My guess: the smart person they’re trying to keep out there in the competitive ecosystem turned down their job offer. Sour grapes 🙂

  7. HeatherLeigh says:

    Anon- when it comes to smart hiring, a lot of what you said goes without saying (right person, right job, good fit, etc). But if all those things line up, saying that you choose to have them in the ecosystem INSTEAD of hiring them for that right job is silly.

    And please show me a great tech company without a culture driven by strong ego. I mean, really? You think Larry and Sergey don’t have big egos? Really?

    And if you are telling me that Google is leaving those strong potential hires out there because "competition is not necessarily a bad thing," I say put down the Google kool-aid, friend. Competition is good but the point is still to win.

    Amybeth – it does make you wonder if they are talking about something in particular. Or maybe just trying to bolster that "don’t do evil" stuff.

  8. Anonymous says:

    I think what I’m getting at is that exercising restraint in hiring is (perhaps) not such a bad thing.  If there is really a need and a fit, great. Hire them.  But needs at companies the size of Google and Microsoft are probably focused on heads to get well defined work done.  Why pay for the best, most notable candidate to do this, when you can have someone who may be just as smart and talented for much less long-term cost?  A true fit for certain smart people may be hard to justify a need for.  Those types are likely highly specialized and may demand care that your organization can’t offer.  So, why disenchant them?  Get to know them first.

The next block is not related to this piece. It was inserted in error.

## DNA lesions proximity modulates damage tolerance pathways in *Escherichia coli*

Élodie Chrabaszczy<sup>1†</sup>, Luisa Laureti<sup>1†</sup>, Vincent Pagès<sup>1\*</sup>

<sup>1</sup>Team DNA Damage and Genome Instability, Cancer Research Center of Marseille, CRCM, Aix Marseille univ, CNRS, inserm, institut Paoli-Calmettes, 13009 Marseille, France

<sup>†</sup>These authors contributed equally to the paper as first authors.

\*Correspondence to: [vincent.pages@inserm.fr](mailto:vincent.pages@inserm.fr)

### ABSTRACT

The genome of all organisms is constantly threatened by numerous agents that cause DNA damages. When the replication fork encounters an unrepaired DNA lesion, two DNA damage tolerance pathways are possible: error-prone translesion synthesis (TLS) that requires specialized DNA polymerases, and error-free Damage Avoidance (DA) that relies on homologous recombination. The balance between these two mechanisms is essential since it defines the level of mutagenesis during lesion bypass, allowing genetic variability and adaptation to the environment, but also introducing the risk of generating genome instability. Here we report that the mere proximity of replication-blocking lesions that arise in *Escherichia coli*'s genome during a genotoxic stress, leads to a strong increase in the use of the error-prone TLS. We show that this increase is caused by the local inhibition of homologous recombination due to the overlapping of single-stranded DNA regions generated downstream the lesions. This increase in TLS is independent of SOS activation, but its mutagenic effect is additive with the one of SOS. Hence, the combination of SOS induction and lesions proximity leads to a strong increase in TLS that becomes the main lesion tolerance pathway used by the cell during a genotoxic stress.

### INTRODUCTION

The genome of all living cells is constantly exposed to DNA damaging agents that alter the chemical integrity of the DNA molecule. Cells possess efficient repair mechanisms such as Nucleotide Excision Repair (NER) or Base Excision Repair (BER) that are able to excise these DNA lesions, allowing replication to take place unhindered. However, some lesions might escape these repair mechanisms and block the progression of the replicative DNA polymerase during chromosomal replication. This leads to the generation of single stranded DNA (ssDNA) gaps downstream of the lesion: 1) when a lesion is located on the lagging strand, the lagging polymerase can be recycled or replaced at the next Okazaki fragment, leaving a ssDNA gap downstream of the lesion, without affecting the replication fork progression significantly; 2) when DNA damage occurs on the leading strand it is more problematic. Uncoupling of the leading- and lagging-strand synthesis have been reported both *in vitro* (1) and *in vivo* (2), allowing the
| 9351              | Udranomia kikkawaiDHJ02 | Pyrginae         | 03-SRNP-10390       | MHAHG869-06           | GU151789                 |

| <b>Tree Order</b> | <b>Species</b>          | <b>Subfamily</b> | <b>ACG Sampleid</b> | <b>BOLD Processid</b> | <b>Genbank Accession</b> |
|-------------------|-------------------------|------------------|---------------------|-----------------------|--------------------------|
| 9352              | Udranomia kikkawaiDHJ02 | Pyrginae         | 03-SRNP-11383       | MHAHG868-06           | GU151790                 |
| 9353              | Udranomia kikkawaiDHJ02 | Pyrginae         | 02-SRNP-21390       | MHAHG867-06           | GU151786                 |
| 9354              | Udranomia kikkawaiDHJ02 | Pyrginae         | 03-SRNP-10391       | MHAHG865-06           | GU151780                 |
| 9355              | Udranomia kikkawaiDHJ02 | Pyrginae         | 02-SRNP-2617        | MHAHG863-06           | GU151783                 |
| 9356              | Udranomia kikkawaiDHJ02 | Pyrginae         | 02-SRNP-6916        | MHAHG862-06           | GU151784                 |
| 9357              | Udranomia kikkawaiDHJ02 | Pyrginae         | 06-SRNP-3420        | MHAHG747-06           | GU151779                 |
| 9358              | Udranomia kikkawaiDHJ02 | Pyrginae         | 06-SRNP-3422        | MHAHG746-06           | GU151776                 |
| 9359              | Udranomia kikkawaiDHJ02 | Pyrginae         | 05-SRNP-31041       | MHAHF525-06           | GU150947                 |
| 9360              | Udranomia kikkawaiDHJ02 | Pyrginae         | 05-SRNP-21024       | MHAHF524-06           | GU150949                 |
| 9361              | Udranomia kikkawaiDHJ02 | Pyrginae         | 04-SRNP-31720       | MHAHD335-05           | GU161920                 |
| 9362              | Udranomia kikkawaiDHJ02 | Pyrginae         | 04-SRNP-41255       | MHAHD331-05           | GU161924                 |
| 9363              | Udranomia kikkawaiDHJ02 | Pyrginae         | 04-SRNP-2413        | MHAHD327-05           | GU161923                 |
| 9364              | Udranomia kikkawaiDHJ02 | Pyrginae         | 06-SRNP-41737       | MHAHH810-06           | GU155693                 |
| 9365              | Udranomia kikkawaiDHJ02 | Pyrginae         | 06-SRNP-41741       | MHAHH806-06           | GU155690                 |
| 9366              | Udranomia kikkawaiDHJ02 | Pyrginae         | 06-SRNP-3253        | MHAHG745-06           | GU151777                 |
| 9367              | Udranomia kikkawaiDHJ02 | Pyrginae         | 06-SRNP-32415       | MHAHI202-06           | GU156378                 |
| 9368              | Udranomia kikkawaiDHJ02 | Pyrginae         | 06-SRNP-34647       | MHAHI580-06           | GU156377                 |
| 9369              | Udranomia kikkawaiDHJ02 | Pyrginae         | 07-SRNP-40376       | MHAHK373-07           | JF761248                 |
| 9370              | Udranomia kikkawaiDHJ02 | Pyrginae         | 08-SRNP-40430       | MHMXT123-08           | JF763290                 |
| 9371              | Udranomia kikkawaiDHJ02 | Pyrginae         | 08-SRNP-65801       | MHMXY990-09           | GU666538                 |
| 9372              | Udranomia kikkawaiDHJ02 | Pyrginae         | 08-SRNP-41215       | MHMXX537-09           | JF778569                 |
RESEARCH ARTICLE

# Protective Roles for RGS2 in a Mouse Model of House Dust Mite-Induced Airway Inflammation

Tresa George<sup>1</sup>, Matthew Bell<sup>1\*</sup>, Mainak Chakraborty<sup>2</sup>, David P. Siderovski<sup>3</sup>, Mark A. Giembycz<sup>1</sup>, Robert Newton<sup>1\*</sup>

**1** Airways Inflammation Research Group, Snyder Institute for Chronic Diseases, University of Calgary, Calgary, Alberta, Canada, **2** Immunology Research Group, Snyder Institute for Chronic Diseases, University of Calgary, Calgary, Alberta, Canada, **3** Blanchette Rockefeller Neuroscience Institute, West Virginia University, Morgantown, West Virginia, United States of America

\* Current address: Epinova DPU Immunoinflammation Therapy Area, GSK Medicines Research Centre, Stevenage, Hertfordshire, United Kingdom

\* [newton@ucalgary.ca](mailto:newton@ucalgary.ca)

Ego isn’t anything but a byproduct of one’s perceived success and ability.  It may not mean much at your organization.  Driven, passionate, and ambitious people don’t necessarily have strong egos, and I’d rather work with someone that can exercise humility than demand to be right (because of their perceived self-worth).  Surely ego exists in great corporations, but I know plenty of great leaders who have exercised immense amounts of humility. It’s not a prerequisite by any means and as I had mentioned before, may even be a detriment.

    So, if that smart egomanic is an excellent candidate but may be better to work with at a distance (so ad to not have to support their "needs"), you can avoid interference with business objectives, continue to evaluate them, influence their work to your benefit, and maybe hire them down the road when you can actually manage them.  Their competition might drive your company to do better the way you do it, thereby potentionally retaining efficiency and retaining the opportunity to make that pie bigger.  Additionally, by maintaining relationships with the smart folks in the community, you keep your finger on "the pulse" instead of isolating that talent with the way things are done at your company.  If and when that true need and fit opens, they might be able to contribute much more.  I guess it depends on what your definitioning of winning is.

    I’m not drinking anyone’s Kool Aid.  I just find the thought interesting.        

  9. HeatherLeigh says:

    There are many reasons that you would or would not hire someone. That’s part of the interview/hiring process. But not hiring someone simply because it is "better to have them in the ecosystem", all these other factors notwithstanding, is another thing entirely.